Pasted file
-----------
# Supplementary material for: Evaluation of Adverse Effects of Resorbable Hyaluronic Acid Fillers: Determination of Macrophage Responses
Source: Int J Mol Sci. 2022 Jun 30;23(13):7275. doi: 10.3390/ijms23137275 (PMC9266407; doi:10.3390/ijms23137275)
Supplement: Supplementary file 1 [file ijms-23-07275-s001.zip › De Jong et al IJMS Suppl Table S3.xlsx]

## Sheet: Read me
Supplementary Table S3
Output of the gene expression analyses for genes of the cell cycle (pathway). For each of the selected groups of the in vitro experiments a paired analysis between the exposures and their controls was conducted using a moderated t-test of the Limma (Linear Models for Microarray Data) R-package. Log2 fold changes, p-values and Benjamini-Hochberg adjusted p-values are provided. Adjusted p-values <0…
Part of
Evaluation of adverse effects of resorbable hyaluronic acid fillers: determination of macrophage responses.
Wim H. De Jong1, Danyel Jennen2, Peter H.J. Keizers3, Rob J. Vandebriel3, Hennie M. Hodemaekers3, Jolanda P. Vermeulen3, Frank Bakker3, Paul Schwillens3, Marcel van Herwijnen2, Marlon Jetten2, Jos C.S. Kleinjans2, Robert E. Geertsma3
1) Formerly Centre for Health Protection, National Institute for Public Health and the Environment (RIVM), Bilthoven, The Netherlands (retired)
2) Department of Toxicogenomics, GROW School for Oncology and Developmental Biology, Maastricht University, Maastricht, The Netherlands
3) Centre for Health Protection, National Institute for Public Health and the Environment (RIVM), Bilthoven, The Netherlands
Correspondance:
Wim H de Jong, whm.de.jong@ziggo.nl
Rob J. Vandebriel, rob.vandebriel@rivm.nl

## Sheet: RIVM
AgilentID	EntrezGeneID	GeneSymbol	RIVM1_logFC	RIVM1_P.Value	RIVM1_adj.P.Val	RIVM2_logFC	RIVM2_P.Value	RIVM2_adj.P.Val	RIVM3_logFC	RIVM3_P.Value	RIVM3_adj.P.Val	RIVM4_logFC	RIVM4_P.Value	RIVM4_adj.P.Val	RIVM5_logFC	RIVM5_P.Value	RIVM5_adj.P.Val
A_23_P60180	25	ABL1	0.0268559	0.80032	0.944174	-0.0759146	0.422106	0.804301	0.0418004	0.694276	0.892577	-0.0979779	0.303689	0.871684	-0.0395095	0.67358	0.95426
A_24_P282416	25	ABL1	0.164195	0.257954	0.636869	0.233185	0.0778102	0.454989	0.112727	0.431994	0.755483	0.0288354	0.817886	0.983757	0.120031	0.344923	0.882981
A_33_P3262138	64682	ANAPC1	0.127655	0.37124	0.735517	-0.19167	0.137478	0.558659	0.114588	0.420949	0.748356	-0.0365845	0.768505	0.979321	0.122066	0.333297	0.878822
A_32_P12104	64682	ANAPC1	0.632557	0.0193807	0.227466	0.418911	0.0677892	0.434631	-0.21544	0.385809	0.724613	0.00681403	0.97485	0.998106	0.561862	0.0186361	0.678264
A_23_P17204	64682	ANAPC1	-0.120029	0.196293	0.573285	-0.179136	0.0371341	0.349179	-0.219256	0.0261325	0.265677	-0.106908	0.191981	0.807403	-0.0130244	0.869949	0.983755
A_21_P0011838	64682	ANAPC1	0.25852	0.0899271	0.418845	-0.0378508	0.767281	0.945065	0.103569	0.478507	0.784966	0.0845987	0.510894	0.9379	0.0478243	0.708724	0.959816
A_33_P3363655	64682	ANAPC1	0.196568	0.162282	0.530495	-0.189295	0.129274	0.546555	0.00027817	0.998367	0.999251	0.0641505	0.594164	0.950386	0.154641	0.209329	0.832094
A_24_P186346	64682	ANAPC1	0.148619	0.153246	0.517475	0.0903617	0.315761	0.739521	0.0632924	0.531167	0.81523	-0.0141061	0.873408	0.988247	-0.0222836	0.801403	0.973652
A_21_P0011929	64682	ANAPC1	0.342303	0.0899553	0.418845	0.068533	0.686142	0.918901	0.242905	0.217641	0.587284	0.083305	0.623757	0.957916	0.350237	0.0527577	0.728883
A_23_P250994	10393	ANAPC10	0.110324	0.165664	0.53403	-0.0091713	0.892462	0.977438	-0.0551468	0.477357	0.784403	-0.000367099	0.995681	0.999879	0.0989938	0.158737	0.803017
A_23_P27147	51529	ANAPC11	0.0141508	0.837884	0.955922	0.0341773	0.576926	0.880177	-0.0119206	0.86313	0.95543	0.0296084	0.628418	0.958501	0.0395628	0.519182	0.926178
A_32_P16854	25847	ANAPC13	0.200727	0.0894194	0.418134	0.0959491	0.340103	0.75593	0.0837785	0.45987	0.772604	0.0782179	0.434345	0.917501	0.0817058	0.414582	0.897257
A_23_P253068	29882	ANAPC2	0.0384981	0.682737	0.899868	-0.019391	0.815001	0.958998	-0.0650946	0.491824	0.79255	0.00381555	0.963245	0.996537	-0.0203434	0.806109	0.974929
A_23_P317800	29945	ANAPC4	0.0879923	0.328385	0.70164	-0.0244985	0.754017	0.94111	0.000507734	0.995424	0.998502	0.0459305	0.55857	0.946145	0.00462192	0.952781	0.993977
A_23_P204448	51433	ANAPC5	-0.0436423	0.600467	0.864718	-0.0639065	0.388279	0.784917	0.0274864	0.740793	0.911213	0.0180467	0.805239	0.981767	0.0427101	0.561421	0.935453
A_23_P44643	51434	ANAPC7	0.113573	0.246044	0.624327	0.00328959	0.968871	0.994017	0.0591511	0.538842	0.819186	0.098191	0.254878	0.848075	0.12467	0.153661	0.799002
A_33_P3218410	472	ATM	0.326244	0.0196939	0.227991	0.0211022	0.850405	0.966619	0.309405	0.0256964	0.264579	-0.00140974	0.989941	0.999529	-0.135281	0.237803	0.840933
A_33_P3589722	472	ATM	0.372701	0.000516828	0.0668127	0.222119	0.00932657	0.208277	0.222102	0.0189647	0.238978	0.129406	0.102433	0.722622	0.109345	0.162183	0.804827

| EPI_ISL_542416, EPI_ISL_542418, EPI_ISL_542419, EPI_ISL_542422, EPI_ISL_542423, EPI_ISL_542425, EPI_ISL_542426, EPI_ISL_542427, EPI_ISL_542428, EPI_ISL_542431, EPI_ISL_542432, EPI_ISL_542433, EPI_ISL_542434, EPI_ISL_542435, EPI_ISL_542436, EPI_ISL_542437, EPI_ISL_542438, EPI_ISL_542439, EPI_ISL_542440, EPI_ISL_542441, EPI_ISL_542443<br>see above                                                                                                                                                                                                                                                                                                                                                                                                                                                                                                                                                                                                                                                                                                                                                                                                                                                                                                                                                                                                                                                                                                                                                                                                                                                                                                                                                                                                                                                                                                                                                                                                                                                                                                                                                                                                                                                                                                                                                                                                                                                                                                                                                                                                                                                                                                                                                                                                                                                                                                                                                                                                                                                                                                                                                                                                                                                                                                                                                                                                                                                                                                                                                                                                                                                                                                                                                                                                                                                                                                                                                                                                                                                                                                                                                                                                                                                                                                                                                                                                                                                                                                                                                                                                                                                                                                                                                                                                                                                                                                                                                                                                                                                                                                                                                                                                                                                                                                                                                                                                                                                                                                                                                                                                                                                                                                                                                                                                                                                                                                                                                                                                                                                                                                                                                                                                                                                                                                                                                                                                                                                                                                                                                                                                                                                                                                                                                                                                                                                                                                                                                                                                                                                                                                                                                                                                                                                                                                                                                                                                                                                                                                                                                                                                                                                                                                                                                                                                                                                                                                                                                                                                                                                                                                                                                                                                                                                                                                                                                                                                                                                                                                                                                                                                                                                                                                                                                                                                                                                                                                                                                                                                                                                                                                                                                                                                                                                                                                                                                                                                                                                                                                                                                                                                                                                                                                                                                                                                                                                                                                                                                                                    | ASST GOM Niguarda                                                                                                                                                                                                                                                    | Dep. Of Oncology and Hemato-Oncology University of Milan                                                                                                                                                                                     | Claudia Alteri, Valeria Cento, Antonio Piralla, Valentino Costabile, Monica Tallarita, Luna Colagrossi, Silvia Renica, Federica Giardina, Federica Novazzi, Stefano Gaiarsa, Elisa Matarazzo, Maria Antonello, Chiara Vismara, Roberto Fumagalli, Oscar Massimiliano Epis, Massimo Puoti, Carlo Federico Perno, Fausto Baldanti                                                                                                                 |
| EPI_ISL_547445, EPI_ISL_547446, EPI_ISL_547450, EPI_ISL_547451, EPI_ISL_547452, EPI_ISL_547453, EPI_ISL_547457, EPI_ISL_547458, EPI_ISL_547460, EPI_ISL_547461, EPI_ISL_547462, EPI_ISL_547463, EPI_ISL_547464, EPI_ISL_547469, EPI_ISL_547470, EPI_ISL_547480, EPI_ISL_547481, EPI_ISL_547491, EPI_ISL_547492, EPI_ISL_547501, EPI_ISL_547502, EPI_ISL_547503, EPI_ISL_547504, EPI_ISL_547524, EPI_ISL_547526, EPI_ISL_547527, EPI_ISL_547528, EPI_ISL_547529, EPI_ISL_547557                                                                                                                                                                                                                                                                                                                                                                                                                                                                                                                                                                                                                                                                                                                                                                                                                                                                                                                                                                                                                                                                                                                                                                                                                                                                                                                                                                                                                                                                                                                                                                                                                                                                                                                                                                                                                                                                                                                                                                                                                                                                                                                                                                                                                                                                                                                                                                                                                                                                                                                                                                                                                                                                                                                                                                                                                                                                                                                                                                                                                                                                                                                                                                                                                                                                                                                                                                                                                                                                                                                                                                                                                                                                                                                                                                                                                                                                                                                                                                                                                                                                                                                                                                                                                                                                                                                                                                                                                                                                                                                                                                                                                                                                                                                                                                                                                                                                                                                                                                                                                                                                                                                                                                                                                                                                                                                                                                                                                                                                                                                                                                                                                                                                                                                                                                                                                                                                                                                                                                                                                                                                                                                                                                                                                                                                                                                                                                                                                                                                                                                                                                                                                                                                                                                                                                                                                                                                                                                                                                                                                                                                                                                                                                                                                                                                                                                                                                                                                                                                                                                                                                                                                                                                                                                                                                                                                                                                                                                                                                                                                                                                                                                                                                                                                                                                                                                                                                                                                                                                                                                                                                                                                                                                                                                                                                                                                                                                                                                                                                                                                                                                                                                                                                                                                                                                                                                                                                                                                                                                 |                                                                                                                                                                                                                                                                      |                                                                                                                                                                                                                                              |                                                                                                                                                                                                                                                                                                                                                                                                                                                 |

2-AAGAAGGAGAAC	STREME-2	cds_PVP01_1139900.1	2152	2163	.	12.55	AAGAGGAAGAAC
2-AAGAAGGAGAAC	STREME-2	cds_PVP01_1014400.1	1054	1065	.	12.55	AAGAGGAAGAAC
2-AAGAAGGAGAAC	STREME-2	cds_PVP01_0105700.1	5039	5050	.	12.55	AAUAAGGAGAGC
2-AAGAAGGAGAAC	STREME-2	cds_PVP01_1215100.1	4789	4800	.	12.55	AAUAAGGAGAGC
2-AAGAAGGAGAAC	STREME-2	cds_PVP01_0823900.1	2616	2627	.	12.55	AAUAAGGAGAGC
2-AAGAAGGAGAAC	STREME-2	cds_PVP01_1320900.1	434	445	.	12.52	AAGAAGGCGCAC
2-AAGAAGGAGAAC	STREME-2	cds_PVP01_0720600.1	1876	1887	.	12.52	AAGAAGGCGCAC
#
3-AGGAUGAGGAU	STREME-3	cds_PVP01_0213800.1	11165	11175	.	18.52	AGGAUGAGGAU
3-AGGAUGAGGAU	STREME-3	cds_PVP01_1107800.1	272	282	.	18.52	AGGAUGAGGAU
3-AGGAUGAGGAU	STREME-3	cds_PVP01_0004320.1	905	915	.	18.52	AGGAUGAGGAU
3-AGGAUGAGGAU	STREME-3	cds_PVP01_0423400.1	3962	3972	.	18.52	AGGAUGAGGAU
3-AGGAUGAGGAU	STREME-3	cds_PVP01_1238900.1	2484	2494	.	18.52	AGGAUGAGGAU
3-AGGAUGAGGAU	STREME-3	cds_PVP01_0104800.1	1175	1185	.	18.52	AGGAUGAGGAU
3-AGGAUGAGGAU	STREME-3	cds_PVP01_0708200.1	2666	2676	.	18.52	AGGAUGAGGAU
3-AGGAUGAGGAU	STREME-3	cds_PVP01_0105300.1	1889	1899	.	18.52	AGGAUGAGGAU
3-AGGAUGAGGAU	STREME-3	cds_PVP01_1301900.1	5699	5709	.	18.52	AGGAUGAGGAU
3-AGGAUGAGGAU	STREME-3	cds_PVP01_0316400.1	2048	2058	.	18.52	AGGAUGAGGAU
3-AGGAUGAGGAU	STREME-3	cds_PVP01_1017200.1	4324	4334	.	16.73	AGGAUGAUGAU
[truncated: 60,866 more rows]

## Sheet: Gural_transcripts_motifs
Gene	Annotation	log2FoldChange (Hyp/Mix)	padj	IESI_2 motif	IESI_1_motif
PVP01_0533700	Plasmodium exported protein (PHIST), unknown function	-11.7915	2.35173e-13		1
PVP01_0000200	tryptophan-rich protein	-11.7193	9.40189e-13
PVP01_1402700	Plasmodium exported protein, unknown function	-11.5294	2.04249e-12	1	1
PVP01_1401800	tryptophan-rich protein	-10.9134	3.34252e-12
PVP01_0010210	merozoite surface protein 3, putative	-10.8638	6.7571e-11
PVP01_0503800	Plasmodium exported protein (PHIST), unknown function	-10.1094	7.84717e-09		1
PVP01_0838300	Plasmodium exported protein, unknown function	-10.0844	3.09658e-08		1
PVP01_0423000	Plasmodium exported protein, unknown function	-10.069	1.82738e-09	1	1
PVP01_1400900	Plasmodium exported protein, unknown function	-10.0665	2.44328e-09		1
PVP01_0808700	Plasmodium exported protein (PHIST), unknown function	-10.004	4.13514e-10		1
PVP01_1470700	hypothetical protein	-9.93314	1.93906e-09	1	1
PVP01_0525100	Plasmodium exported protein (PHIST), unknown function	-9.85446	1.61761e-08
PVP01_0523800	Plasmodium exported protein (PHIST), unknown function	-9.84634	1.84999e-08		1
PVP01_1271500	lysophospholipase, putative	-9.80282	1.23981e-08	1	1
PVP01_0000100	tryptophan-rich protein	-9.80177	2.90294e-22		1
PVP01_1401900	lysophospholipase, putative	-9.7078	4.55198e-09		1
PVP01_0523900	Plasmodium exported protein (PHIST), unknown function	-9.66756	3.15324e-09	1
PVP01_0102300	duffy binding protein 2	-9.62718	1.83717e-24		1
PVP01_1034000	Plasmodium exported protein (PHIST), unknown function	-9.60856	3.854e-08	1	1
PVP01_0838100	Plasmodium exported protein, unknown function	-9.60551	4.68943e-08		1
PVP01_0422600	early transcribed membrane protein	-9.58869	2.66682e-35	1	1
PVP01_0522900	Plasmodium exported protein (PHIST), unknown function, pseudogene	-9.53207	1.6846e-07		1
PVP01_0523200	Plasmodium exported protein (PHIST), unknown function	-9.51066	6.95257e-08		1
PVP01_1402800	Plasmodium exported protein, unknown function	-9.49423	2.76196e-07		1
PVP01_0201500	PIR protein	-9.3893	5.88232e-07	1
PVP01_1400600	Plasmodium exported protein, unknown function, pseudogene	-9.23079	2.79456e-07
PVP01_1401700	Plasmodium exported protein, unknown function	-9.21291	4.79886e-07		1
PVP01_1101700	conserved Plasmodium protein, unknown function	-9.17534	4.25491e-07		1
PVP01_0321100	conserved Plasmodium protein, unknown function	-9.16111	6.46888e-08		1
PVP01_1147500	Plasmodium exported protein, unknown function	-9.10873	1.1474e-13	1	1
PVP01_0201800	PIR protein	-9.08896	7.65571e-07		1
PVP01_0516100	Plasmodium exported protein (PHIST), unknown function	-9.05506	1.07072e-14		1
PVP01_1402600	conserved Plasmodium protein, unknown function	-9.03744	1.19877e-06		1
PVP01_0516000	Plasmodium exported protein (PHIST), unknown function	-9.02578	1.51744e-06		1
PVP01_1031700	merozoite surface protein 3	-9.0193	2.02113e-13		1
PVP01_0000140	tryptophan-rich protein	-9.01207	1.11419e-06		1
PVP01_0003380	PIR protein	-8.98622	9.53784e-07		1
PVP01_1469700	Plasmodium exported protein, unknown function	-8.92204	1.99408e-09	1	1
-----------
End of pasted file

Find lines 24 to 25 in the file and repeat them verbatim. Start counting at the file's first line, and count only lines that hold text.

A_33_P3363655	64682	ANAPC1	0.196568	0.162282	0.530495	-0.189295	0.129274	0.546555	0.00027817	0.998367	0.999251	0.0641505	0.594164	0.950386	0.154641	0.209329	0.832094
A_24_P186346	64682	ANAPC1	0.148619	0.153246	0.517475	0.0903617	0.315761	0.739521	0.0632924	0.531167	0.81523	-0.0141061	0.873408	0.988247	-0.0222836	0.801403	0.973652